A higher level of copper in the brain may help to prevent the formation of harmful protein deposits linked to the development of Alzheimer's disease.
It has long been acknowledged that a buildup of these amyloid beta plaques in the brain is a contributory factor in the onset of the neurodegenerative condition.
Recently, a school of thought has emerged suggesting the amount of copper present can both limit and increase the production of amyloid beta, depending on the concentration of the metal ions.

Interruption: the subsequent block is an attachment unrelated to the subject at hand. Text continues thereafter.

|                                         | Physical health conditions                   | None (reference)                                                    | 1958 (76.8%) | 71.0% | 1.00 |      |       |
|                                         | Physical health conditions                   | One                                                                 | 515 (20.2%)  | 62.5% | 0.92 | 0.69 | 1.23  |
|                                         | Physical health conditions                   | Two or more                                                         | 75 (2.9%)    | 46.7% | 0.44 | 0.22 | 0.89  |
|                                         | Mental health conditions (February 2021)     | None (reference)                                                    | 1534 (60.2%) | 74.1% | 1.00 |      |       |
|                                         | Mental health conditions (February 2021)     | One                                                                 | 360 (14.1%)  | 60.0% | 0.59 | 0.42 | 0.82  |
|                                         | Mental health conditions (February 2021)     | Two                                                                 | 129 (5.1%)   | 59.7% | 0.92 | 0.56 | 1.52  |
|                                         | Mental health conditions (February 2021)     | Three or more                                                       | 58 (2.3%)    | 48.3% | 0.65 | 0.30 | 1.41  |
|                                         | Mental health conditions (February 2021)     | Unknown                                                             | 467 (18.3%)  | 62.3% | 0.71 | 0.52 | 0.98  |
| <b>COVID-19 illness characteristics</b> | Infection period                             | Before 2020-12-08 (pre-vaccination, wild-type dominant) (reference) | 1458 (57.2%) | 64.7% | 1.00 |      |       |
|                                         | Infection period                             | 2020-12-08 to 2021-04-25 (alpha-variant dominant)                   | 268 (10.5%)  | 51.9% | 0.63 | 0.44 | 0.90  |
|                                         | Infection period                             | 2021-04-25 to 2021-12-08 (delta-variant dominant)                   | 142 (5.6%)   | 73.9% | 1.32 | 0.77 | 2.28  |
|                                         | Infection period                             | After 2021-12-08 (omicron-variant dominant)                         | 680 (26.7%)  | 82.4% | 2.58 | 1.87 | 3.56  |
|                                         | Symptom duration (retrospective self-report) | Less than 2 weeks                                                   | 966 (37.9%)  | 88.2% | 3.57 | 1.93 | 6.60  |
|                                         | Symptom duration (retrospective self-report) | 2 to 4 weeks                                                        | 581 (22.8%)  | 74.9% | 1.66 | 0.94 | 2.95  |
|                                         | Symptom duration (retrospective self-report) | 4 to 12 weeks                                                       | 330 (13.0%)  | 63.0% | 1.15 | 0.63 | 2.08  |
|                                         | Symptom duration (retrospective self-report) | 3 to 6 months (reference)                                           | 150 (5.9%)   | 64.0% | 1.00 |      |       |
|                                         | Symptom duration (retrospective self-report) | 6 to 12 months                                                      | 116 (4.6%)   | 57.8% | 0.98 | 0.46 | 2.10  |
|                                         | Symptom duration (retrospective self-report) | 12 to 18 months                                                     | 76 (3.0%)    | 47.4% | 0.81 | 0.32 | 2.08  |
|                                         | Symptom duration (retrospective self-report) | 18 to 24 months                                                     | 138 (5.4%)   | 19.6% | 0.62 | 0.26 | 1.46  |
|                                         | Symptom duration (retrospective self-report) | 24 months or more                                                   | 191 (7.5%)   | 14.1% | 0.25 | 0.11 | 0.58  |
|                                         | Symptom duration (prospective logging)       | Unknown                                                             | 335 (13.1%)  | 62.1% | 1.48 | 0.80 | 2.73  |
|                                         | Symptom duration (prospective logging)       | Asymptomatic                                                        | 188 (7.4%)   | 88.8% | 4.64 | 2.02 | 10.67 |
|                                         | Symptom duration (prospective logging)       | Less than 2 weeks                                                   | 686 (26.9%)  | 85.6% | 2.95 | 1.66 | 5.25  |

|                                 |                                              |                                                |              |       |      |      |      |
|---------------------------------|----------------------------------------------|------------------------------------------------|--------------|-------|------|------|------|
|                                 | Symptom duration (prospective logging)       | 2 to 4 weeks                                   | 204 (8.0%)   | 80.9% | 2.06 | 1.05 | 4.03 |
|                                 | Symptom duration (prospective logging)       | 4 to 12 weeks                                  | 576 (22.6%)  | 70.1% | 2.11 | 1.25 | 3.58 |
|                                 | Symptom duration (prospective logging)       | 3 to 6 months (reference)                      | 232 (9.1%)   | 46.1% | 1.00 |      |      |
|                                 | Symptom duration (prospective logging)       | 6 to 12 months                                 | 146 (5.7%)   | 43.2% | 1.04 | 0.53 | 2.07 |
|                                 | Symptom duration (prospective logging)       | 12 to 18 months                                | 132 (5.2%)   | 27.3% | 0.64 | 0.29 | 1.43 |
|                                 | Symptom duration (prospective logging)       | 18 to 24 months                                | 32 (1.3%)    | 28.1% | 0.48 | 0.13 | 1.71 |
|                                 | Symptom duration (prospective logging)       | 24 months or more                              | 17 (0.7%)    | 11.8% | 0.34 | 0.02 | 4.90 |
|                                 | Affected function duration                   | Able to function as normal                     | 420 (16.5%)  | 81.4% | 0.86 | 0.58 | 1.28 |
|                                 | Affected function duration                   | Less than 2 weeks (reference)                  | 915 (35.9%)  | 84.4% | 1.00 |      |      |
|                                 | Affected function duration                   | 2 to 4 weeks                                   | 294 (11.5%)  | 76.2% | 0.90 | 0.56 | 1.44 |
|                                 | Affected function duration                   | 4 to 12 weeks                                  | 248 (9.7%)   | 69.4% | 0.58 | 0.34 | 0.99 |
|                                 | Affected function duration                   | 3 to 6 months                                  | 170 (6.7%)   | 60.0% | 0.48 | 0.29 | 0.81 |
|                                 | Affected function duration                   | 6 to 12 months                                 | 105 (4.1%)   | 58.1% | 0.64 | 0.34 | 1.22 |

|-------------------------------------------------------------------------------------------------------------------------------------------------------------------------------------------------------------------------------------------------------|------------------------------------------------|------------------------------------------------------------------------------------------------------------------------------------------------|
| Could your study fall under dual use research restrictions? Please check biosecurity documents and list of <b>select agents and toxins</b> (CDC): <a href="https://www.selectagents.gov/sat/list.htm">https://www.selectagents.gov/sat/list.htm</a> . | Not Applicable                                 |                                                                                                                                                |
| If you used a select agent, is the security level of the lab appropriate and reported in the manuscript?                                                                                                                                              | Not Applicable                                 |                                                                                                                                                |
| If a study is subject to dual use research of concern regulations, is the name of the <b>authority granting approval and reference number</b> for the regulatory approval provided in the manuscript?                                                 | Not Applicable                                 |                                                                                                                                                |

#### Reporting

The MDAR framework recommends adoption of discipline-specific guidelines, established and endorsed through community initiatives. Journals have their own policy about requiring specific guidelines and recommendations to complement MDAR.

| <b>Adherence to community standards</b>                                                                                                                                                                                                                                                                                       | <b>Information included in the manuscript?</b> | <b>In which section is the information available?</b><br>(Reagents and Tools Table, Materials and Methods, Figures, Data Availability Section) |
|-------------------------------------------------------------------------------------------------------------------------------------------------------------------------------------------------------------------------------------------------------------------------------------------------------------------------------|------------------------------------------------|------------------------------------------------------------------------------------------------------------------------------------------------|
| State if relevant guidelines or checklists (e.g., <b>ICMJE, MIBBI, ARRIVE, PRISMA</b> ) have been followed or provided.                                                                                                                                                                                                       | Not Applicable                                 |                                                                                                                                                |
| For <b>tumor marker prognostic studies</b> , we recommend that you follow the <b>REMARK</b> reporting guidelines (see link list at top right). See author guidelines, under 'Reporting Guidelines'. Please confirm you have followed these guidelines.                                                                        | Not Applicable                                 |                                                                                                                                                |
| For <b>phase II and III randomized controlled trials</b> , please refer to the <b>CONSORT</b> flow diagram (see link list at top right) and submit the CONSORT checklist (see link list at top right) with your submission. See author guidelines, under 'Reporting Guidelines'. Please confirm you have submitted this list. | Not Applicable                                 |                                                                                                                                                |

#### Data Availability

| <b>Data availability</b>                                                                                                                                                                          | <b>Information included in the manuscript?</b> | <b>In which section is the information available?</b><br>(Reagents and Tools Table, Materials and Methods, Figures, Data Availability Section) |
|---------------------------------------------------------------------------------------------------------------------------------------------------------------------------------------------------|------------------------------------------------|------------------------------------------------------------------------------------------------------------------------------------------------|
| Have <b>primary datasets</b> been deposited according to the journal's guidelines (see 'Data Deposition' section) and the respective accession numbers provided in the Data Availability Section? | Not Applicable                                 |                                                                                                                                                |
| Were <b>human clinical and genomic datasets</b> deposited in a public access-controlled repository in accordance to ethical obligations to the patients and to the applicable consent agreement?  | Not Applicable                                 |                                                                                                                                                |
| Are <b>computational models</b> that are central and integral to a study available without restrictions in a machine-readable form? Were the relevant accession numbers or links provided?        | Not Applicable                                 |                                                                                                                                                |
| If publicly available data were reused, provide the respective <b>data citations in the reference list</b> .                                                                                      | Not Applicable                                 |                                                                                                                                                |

However, scientists from Keele University in Staffordshire have found evidence to "irrevocably" prove that copper helps to protect against the plaques forming in the brain, thus reducing the chances of a patient developing Alzheimer's disease.
The team, led by Dr Chris Exley, has also discovered indications a lack of copper may stimulate the mechanisms in the brain that produce amyloid beta.
Their research has been published in the latest edition of the Scientific Reports journal.
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